3 When I look at your heavens, the work of your fingers, the moon and the stars, which you have set in place, 4 what is man that you are mindful of him, and the son of man that you care for him?
5 Yet you have made him a little lower than the heavenly beings and crowned him with glory and honor.
6 You have given him dominion over the works of your hands; you have put all things under his feet, 7 all sheep and oxen, and also the beasts of the field, 8 the birds of the heavens, and the fish of the sea, whatever passes along the paths of the seas.
9 O LORD, our Lord, how majestic is your name in all the earth!
Notice that David is speaking of mankind, not the Messiah. “Man” and the “son of man” in v. 3 is, in v. 4, “lower than the heavenly beings.” But Jesus is the ultimate man, indeed, the man in whom all men become truly men, that is, truly what they were created to be — in the image of God.
Verse 6 is a reference to the “dominion” that God gave mankind in Genesis 1 —
(Gen 1:26 ESV) Then God said, “Let us make man in our image, after our likeness. And let them have dominion over the fish of the sea and over the birds of the heavens and over the livestock and over all the earth and over every creeping thing that creeps on the earth.”
But man fell from his rightful dominion, and will only return to his throne through Jesus — as Paul will explain. Therefore, the scriptures sometimes apply this Psalm to the Messiah. Jesus is the man who is truly in God’s image and through whom the rest of us attain to our original purpose and nature.
The meaning of “head” or kephale is much controverted. Many immediately leap to the conclusion that “head” means boss, because in the West, “head” is idiomatic for boss. (“Idiomatic” refers to a metaphor so common that no context is needed to interpret it.) But in the First Century, kephale was not idiomatic for boss. Oddly enough, in Hebrew it, with ??????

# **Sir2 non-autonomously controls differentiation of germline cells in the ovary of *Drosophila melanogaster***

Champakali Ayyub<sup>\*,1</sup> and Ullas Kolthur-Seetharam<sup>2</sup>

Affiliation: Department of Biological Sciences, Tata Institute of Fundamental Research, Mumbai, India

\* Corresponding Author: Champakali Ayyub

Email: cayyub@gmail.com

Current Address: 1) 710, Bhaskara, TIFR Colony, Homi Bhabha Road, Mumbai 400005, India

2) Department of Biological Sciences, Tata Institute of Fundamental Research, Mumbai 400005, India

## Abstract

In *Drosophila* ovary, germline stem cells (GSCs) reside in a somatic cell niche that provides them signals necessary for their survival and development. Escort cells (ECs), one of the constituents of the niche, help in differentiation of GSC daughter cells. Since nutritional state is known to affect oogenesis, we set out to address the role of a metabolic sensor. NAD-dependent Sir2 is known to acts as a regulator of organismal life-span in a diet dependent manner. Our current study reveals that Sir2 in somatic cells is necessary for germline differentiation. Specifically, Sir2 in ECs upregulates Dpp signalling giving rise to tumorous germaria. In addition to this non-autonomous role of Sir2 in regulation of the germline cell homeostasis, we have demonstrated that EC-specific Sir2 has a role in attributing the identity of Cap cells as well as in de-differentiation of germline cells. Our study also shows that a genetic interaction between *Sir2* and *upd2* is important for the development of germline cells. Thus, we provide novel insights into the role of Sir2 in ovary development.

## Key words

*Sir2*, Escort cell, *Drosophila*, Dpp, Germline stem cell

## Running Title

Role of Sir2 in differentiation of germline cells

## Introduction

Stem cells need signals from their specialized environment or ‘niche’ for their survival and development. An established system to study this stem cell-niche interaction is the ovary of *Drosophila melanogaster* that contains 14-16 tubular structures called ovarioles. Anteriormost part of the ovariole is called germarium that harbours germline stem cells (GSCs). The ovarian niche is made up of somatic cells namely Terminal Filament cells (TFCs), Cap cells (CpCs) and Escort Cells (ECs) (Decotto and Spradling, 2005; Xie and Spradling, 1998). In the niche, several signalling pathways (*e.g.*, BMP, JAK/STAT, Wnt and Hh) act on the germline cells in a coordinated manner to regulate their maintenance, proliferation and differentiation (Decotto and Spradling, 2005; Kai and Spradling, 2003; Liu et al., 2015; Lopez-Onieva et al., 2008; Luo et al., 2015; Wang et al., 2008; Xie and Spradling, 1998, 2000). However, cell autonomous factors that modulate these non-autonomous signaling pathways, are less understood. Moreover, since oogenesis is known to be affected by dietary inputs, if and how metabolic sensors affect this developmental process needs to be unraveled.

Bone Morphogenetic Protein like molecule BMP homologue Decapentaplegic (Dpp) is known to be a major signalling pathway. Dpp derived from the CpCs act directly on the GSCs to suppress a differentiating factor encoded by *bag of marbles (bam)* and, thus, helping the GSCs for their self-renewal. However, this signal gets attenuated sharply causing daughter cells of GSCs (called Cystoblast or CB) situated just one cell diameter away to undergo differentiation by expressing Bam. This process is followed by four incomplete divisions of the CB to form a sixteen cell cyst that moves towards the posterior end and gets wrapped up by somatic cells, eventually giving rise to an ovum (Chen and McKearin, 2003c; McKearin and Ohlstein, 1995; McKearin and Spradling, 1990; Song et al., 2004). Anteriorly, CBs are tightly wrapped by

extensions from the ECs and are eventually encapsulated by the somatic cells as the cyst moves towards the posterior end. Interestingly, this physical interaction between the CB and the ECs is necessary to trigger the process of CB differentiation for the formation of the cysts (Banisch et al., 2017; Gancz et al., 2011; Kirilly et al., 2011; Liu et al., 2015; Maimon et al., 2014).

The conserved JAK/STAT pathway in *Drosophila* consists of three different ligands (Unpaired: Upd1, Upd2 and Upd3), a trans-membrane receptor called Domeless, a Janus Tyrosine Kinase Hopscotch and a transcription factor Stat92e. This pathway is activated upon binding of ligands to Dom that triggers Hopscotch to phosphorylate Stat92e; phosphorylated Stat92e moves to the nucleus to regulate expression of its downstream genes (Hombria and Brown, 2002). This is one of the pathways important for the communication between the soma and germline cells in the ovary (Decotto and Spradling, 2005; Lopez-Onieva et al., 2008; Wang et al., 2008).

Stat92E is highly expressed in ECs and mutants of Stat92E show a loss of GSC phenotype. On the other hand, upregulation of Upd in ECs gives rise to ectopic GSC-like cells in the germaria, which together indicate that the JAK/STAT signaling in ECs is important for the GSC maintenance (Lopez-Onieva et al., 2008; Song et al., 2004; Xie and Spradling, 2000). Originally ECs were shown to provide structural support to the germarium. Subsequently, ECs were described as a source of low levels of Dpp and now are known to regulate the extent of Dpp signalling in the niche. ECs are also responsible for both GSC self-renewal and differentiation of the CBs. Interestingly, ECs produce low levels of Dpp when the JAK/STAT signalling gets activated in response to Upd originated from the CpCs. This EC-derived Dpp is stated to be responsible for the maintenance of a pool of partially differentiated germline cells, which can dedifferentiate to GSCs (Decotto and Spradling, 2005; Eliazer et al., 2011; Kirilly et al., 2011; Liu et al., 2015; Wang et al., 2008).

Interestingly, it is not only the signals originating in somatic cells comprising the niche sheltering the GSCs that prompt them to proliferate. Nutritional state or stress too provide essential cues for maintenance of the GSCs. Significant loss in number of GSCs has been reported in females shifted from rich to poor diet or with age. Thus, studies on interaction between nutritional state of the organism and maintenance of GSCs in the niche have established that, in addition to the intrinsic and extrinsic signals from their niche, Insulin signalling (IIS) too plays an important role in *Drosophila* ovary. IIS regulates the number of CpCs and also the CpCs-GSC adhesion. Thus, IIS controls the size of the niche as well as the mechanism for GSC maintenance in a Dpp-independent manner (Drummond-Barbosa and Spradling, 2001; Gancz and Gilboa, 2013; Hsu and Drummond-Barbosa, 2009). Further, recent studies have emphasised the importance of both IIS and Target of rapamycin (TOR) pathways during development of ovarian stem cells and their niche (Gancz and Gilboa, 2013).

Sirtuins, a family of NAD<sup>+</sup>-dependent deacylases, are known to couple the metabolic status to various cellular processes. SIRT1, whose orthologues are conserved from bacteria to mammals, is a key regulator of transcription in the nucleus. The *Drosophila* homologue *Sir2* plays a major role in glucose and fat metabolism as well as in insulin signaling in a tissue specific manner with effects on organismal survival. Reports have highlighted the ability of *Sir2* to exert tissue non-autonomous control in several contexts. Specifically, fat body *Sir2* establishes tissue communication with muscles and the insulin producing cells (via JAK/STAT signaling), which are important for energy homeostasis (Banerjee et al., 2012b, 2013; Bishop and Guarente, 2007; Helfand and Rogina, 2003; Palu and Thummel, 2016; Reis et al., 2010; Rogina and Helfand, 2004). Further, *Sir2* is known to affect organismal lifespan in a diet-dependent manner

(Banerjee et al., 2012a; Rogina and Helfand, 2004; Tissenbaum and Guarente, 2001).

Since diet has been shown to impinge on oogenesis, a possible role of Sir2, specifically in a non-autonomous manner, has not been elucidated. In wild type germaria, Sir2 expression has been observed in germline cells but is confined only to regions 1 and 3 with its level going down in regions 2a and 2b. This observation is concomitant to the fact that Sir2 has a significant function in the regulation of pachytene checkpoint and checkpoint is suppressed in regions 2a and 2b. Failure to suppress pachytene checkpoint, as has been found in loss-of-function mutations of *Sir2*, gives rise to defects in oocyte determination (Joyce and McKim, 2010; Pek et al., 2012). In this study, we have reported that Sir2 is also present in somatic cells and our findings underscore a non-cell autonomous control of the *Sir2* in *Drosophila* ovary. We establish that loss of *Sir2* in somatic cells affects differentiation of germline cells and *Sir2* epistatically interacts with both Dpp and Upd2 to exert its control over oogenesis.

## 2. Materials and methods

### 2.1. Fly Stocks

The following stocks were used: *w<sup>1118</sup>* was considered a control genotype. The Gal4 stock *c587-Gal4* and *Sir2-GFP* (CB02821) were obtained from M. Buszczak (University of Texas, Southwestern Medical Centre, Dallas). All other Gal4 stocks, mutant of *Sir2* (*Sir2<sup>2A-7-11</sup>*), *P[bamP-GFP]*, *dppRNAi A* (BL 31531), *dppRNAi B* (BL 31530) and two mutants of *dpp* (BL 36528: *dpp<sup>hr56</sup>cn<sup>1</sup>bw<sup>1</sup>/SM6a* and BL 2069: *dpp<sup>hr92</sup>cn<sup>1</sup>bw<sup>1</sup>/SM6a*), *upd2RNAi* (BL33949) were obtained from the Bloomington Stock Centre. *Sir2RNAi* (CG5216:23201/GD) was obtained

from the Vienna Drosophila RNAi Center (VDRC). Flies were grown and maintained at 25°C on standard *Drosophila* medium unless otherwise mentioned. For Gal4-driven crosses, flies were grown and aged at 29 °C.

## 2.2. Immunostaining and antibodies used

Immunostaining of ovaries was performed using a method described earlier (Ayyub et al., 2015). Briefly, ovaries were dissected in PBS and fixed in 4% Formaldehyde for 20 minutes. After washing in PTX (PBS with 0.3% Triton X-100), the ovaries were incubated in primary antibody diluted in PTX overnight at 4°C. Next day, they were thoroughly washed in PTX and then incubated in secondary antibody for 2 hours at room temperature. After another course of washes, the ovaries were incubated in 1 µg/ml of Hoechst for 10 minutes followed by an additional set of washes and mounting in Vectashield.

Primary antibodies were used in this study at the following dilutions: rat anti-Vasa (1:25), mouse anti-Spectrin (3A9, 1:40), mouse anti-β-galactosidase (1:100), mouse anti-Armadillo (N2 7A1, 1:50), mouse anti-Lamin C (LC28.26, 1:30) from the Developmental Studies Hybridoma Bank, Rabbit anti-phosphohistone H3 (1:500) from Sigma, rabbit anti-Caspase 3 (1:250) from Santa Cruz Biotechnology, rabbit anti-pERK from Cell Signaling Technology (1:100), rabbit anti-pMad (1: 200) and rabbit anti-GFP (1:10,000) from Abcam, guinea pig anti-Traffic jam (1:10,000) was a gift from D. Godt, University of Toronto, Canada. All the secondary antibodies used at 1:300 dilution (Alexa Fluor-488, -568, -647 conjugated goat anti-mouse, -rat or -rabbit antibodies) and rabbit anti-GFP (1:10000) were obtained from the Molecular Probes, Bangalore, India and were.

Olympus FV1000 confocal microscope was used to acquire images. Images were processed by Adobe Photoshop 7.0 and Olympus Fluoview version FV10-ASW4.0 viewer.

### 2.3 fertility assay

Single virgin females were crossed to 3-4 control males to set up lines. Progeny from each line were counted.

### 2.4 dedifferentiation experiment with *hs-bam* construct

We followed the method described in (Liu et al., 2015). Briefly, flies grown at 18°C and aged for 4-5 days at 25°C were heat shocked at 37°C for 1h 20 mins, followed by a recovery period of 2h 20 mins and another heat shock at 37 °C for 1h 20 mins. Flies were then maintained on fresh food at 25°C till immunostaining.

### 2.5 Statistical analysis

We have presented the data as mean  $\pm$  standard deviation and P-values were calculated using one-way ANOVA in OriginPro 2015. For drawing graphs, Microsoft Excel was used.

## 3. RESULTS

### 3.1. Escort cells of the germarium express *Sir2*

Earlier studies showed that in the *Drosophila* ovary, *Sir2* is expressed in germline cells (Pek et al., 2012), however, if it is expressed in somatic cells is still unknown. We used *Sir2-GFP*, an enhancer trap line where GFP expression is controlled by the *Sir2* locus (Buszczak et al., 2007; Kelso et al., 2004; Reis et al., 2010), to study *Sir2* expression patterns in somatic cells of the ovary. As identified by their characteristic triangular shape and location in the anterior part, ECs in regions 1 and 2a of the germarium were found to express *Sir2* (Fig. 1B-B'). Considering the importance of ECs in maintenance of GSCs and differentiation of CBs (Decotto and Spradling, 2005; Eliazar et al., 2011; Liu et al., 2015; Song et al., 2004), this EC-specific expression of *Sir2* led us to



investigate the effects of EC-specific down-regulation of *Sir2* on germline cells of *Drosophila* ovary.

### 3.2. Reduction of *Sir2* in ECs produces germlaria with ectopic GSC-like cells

or ro’sh meaning either the physical head or ruler. Oddly enough, with only one exception, when ro’sh means “ruler,” the Septuagint translators use archon (meaning ruler) instead of kephale (meaning head). Therefore, we can’t just leap to the conclusion that kephale = ruler or boss when the Septuagint translators rejected this interpretation.
What does Paul actually say?
“[The Father] gave [Christ] as head over all things to the church, 23 which is his body, the fullness of him who fills all in all.
We first notice that Paul is using “head” in the physical sense of the top of the body. The church is the body of Christ, and Christ is sitting on a throne at the right hand of God. The church is sitting on the throne, and if we are to be true to First Century thought, the person who is ruling is Christ with the church. Both are on the throne.
We have to skip a little ahead, just to show that I’m not crazy —
(Eph 2:6 ESV) 6 and raised us up with him and seated us with him in the heavenly places in Christ Jesus,
“We” are “seated … with him in the heavenly places.” “Seated … with” means that we’re sitting on the throne, too! That’s what it says. And it makes sense. Remember, in Christ, we are restored to what we were always meant to be, to the originally created order of things. We are restored to dominion “over all the earth.” But we know have our dominion in Christ.
We are rulers! We are kings! After all, we are the body of Christ, and Christ is a ruler and king. But Christ is ruler and king of the world, and we sit on his throne with him, indeed, as part of him. He doesn’t rule over us. He rules over the world “with his saints to reign.”